When you were a bit younger and had to bug the folks for a little extra cash on the weekends, you probably also had to listen to them harping about how you needed to manage your money. Now that you’re rolling in dough from your dream job (or, at least, making a decent wage at last), your friends are telling you that you need to manage your money. So what does money management mean, exactly?
In a Nutshell
If you owned your own business, you’d want to employ a manager whom you could depend on to handle and direct your business in a profitable manner. The point is, when it comes to money management, just think of your money as your own business. You want it to be successful and profitable, and good management is part of the equation. You'll need to educate yourself about budgeting and investing, and you may want to "hire" assistant managers -- financial professionals who can advise you.
Money management involves planning, analyzing and executing every aspect of your financial portfolio, including all types of investments, savings, taxes, banking and budgeting. As with managing any business, certain economic variables may affect your finances, and good money management involves assessing and controlling factors that may be detrimental to your fiscal fitness. Personal budgeting involves tracking and limiting your daily expenses in order to save money -- or, more basically, simply to know where your money is going, the vital first step in managing your finances.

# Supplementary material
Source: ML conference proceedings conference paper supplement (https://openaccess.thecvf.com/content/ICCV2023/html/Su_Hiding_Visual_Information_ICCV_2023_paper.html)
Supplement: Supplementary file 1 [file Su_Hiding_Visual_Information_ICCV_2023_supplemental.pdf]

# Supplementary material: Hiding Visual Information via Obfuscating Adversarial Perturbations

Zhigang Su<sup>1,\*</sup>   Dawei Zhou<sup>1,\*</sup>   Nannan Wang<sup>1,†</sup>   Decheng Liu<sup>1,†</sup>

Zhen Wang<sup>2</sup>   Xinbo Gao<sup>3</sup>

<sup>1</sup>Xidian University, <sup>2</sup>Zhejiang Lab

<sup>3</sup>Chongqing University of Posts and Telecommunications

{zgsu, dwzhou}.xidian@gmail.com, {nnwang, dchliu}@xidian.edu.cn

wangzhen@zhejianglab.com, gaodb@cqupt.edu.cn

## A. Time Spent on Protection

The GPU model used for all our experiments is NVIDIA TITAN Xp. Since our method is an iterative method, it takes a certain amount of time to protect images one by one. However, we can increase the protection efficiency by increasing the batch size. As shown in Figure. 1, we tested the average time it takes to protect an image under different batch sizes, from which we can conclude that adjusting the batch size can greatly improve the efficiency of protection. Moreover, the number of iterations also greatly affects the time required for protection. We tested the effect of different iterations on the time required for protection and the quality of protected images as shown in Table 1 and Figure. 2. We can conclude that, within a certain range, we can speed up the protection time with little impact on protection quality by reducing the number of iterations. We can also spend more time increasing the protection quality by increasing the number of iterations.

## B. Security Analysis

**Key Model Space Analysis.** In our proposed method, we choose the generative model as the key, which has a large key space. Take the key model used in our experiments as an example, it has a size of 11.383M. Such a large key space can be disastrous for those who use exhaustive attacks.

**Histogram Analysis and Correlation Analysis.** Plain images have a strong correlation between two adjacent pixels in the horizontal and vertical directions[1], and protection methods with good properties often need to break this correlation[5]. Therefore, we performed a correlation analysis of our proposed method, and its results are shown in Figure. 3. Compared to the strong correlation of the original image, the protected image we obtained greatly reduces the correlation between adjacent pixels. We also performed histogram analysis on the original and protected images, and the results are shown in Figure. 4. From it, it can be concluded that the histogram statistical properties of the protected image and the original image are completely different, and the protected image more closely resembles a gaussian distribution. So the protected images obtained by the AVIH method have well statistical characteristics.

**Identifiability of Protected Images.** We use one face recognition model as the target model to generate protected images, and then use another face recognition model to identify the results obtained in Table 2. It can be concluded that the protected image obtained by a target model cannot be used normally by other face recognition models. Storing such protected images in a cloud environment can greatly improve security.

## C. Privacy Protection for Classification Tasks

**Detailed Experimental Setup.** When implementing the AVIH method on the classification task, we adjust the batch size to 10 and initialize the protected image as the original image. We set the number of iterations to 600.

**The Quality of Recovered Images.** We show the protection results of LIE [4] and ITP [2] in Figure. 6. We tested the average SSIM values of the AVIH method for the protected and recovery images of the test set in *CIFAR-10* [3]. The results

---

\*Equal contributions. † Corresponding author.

Whether you’re planning to buy your first home soon or dreaming of a life without student loans, good money management is essential to achieving your financial goals and achieving a debt-free lifestyle. Imagine how you’ll feel when you cash in those certificates of deposit (CDs) you wisely invested in to pay off the last of your credit-card debt.
That magic eight ball might have been a reliable source of fortune-telling back in your adolescent years, but in the real world there’s no way to know what lies ahead. Economic conditions or personal circumstances, such as a serious illness or a job loss, can affect your financial situation without notice. If you have been managing your money effectively, you’ll have savings to cover most unexpected expenses and be able to weather almost any storm of unpredictability.
Based in South Florida, Leann Harms has been writing since 2008. Her design, technology, business and entertainment articles have appeared in "Design Trade" magazine and Web sites including eHow. Harms has a Bachelor of Arts in English from Florida Atlantic University.